Committee Delays on Gay Marriage Memo

A well attended Rules and Open Government Committee meeting Wednesday dealt with an uncommon topic at City Hall these days: love. Or, to be more precise, love between a couple that doesn’t consist of a man and a woman.

After more than an hour of public comments where many people framed marriage as a civil rights issue and others called it a sacred religious institution, Mayor Chuck Reed, Vice Mayor Madison Nguyen and Councilmember Pierluigi Oliverio unanimously agreed to delay any action on a memo from Councilmember Ash Kalra that wanted the City Council to form a resolution in support of gay marriage. The council has taken up similar resolutions in the past.

The main hangup for Nguyen on Wednesday was the final line in Kalra’s memo, which called on Mayor Reed to sign the Mayors for the Freedom to Marry online petition. More than 200 mayors across the country have signed the petition, yet Reed opposes gay marriage and voted for Prop 8.

“I think this is a political stunt either about the national elections or the local elections, and I didn’t want to participate in it,” Reed said at the meeting. He then supported Oliverio’s substitute motion for the mayor to meet with members of the community for and against gay marriage, after the June 5 election and budget session later in the month, and then report back to the Rules Committee.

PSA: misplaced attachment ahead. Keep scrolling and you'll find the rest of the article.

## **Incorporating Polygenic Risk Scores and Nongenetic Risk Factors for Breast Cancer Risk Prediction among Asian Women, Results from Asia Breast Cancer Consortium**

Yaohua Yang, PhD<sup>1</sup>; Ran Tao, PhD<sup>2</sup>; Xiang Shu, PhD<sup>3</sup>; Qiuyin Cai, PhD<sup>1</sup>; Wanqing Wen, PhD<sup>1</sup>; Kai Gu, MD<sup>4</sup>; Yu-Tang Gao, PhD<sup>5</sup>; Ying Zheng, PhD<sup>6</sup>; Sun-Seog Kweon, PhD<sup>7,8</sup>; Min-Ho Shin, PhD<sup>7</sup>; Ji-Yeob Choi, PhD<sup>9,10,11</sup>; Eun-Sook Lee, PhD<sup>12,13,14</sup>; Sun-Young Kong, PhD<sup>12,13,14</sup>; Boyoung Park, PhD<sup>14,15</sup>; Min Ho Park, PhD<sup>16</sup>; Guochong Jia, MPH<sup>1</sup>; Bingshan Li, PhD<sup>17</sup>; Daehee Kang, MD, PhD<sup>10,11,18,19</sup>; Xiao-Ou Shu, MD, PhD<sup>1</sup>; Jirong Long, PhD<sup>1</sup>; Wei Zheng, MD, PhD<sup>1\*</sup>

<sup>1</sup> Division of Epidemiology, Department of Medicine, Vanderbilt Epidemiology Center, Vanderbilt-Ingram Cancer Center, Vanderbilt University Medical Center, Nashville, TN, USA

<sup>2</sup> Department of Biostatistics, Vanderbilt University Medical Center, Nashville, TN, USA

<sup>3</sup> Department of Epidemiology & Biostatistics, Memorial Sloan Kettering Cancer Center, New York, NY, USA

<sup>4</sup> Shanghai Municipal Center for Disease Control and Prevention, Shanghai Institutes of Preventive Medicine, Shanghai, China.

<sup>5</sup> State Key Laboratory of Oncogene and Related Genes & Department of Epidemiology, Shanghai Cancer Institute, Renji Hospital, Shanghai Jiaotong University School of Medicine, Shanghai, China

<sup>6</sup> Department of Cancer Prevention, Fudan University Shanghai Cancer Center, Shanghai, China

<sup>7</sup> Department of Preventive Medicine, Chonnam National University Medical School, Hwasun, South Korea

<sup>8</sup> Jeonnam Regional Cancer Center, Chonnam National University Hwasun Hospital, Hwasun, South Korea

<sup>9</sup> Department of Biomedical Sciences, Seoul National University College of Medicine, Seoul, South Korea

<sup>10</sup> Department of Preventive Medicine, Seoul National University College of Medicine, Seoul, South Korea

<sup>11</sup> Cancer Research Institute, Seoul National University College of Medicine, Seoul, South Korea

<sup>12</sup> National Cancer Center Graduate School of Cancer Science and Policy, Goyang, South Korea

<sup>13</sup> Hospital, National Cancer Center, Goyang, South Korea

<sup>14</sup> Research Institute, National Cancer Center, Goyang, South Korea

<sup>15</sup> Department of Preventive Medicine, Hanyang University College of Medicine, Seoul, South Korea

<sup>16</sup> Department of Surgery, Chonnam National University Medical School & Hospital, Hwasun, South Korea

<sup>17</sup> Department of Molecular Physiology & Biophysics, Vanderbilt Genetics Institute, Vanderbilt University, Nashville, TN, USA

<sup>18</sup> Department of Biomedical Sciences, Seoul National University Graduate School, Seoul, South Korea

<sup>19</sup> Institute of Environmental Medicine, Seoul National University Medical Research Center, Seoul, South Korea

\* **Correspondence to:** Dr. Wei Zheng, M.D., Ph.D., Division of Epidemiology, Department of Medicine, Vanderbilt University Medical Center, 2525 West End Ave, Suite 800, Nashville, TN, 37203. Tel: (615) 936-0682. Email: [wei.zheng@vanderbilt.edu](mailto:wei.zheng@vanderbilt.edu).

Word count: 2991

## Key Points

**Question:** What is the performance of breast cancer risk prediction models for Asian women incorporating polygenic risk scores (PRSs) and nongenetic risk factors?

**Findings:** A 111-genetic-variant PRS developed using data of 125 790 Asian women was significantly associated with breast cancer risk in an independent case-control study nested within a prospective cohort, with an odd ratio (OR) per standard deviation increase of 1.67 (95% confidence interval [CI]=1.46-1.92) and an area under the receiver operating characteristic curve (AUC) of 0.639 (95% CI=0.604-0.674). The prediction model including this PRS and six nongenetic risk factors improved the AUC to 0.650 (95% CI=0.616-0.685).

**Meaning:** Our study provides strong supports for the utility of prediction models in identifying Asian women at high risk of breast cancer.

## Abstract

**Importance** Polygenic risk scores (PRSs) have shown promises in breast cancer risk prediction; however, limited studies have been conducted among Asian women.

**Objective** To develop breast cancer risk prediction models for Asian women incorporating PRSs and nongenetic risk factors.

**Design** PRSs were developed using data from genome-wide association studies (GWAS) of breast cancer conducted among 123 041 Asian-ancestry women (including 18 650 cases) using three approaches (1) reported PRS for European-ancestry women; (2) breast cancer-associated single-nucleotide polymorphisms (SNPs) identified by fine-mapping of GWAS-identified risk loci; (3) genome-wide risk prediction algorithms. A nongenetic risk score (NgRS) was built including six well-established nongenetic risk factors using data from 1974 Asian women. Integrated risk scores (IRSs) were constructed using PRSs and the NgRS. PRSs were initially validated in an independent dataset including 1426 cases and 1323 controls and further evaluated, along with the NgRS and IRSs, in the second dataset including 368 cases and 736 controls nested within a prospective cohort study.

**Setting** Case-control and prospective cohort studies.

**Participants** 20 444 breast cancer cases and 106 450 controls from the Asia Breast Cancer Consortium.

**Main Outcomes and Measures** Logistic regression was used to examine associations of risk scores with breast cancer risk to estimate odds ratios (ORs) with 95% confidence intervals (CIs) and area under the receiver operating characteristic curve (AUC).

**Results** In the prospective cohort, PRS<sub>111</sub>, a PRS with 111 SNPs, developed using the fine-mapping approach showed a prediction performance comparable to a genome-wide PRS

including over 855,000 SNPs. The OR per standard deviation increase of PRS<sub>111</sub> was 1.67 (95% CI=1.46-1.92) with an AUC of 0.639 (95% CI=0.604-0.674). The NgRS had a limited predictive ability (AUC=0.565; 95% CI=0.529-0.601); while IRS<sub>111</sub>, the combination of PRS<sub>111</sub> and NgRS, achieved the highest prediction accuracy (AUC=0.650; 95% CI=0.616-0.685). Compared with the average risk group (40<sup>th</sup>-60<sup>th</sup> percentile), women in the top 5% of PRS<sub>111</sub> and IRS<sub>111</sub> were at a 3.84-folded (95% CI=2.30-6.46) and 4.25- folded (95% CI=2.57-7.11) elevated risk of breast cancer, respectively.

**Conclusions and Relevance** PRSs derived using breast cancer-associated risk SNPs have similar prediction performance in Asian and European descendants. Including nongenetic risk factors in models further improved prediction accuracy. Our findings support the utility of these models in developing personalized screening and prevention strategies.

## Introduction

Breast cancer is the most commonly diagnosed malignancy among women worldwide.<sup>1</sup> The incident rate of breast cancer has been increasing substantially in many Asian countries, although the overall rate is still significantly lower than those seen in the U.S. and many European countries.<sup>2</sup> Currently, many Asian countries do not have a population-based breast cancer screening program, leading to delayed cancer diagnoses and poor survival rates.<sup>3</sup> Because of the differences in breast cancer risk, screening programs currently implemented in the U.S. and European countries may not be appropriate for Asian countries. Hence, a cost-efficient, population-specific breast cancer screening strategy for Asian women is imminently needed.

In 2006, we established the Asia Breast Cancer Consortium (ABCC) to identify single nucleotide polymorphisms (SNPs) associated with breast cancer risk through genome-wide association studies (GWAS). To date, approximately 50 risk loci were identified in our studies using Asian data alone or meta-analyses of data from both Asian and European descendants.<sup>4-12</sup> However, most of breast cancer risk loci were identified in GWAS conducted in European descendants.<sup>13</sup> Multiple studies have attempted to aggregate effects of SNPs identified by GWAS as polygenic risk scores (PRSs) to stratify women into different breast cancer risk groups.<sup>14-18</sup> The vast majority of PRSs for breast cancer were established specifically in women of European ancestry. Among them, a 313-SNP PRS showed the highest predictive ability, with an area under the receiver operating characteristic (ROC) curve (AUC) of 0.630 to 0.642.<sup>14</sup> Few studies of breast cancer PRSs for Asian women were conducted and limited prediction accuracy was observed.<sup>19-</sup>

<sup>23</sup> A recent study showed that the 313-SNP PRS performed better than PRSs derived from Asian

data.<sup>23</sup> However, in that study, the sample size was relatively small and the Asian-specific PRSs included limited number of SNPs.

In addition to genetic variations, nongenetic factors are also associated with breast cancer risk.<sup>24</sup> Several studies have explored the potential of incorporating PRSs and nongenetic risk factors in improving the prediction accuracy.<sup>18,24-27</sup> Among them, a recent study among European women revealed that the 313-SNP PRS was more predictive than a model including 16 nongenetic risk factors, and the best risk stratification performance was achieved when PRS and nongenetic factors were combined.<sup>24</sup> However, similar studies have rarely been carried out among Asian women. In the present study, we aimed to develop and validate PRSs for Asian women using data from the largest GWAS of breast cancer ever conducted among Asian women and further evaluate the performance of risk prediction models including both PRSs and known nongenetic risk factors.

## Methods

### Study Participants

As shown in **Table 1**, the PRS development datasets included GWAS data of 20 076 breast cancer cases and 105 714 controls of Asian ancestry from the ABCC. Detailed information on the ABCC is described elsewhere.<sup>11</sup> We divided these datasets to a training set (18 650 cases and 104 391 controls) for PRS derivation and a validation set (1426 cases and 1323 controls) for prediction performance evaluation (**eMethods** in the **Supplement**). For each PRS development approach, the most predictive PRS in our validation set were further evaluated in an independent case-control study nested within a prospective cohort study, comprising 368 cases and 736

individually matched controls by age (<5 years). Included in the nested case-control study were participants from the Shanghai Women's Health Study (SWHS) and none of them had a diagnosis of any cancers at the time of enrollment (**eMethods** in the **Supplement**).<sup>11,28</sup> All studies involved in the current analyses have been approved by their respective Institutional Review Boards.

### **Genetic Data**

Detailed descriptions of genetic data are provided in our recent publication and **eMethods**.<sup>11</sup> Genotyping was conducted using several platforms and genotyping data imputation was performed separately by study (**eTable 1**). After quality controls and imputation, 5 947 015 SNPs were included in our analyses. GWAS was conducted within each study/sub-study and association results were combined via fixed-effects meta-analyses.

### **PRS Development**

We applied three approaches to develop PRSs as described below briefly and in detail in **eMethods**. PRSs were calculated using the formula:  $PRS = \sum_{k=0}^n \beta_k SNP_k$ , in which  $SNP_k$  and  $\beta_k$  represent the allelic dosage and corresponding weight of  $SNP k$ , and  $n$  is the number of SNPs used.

Similar to a memo submitted by Councilmember Sam Liccardo on Wednesday morning, Nguyen offered a motion that would’ve supported Kalra’s memo, which fellow councilmembers Don Rocha, Kansen Chu and Xavier Campos signed, if the final line about the mayor’s petition endorsement could be removed. Councilmember Xavier Campos wrote his own memo supporting Kalra’s.

Oliverio’s opponent in the District 6 City Council race, Steve Kline, spoke at the meeting, urging the committee to approve Kalra’s memo. Kline, who is openly gay and said he has been married since late 2008, called gay marriage “the civil rights issue of the 21st century.”

Jeff Moore, president of the local Silicon Valley-San Jose NAACP chapter, asked Mayor Reed to “live your faith; don’t legislate your faith.”

When opposing the memo, Nguyen said, “I whole-heartedly support marriage for everyone.” However, on asking the mayor to sign the online petition, “I couldn’t agree,” she said.

“I don’t think this is my place to undermine the mayor on this issue or any other issues.”

Reed added in his comments that the U.S. 9th Circuit Court of Appeals already ruled gay marriage is a civil rights issue pending appeal to the Supreme Court.

“Whether or not somebody believes one way or another,” he said, “it’s not going to determine the outcome.”

Josh Koehn is a former managing editor for San Jose Inside and Metro Silicon Valley.

5 Comments

  1. There it is , as I just read in “the Merc” I guess its alot easier to Support an ILLEGAL Ballot Measure than it is to support Equal rights for all.